This story is the fifth of the Broken Ladders series, exploring why so many in Fresno can’t climb out of poverty and what different organizations are doing to help create better job pathways. The series is made possible with support from the James Irvine Foundation.
America’s reputation is derived from its core value as a land of opportunity – where all who are willing to work hard can get ahead and join the middle class.
To the contrary, economic mobility is actually very hard to achieve for certain parts of the population because of race, ethnicity, educational inequality and government policies, past and present, that perpetuate the status quo.
Too many young people, especially in marginalized groups and communities, have educational experiences that derail whatever ambitions they may harbor, and then fail.
Minority kids are more likely not to succeed.
Emelia Guadarama, an apprentice at Bitwise Industries, thinks she knows why. At 39 years old, an age when most people are usually set in their career, she dares to enter a tech career.
“The biggest thing that a lot of kids, at least growing up, and even kids who were like my nephews and children of my friends, have this idea that because you grew up in an underrepresented community, that you’re not as smart as other kids, and that the kids from the richer neighborhoods are getting a better education than you,” Guadarama said. “There is that stigma, and kids still feel that way.”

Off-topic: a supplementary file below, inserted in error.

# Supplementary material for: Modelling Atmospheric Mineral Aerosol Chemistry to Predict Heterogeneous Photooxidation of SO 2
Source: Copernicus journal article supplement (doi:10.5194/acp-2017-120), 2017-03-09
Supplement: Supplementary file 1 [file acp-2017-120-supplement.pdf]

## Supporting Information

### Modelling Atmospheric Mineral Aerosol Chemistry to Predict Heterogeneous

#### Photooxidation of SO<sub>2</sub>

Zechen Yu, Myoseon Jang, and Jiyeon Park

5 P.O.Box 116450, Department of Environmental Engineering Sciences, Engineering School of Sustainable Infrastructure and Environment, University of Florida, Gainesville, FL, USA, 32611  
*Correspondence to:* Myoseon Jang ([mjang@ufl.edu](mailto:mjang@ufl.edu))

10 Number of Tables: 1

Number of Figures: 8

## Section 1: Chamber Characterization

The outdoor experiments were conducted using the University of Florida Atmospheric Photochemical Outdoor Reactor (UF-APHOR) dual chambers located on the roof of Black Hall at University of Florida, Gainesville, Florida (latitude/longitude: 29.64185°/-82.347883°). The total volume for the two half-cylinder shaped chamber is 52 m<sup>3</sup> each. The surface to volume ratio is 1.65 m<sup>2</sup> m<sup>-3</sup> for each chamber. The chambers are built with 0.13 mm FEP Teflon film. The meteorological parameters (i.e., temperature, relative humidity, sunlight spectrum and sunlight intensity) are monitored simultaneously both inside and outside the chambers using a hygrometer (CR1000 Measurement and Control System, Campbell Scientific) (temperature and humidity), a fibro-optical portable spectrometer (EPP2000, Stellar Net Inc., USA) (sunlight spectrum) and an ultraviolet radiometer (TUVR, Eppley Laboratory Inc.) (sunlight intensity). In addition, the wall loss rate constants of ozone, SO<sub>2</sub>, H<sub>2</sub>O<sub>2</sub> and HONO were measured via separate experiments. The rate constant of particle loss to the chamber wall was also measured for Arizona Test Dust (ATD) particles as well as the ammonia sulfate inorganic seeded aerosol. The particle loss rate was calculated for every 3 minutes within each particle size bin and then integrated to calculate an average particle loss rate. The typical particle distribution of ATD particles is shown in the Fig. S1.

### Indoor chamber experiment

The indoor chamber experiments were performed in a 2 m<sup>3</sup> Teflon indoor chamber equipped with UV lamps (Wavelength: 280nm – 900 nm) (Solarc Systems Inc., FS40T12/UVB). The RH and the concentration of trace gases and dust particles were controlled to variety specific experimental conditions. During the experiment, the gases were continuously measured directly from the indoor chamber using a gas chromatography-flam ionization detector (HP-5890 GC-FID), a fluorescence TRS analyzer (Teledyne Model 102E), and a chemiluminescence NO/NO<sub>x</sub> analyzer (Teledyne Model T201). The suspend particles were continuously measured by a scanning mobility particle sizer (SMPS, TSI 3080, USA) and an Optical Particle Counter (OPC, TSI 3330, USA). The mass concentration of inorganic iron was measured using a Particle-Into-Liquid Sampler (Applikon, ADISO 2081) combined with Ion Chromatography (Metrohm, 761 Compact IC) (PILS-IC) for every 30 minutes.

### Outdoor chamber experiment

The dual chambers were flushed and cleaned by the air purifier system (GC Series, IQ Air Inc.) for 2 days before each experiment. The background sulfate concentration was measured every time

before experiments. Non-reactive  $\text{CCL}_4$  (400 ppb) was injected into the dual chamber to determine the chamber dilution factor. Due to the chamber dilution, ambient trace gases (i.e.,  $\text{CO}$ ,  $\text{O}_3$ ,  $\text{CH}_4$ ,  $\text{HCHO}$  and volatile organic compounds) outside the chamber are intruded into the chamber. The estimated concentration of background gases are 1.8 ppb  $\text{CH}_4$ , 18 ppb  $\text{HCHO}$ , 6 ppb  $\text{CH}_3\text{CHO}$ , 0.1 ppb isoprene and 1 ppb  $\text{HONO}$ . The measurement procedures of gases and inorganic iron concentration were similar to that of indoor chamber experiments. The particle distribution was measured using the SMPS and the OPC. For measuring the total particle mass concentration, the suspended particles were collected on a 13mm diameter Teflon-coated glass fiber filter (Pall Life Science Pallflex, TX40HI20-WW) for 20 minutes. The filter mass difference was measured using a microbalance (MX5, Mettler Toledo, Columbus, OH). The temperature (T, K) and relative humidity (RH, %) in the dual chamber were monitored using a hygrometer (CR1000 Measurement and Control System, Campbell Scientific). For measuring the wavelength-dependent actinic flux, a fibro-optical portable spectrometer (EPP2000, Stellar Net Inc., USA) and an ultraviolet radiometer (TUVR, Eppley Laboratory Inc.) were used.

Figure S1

This sentiment of inadequacy is present in most of the stories shared by people who participated in the “Broken Ladder” series. Education plays a major part – maybe because of a teacher who failed to look closely enough, or about the administrator who suspended the child or simply, a lack of connection between the child and the school system.
Still, the result is a profound doubt in one’s self and ability, plus a pervasive feeling of inadequacy that affects everything else.
Emelia Guadarama knows that too well.
Born and raised in Fresno and smaller farming towns like Mendota and Firebaugh, Guadarama has never lived outside of California.
She says she grew up “definitely a laborer type,” surrounded by people who work in farming and ag. People like her, Guadarama said, are looked down on.
Not really given a lot of chances
“I’ve seen the kids in the schools from those small farming towns, and they’re such scrappy kids; they are so smart, but they’re not really given a lot of chances.”
Her parents died when she was very young, and she was raised by her grandparents who worked in the farms and cotton gins. “So it was really tough work,” she said, “especially because cotton gins were starting to shut down in the Central California area.”
Her grandpa would take her to the fields to help them pick grapes, to “give us a taste of what that is like, what hard labor is,” she said. “They never said, ‘you don’t want to do this.’ It was never like shunned or anything, but it was like, ‘this is how hard we work, and, you could, or you don’t have to, but this is what we do.’”
Guadarama said she always had a curiosity for computers, and her grandmother saved up and bought one for her when she was in middle school. “So she saw that I was interested in computer technology, but she didn’t really know how to foster it,” Guadarama said.
In high school, she was taken out of Spanish class and put into a computer science class. “When I got there, I thought it was really fun; we played games on the computers, and then I noticed that there were only boys in the class,” Guadarama said. “I started to feel very insecure, very unsafe, and I just said, ‘Can I quit?’ I really didn’t want to be in that class after all.”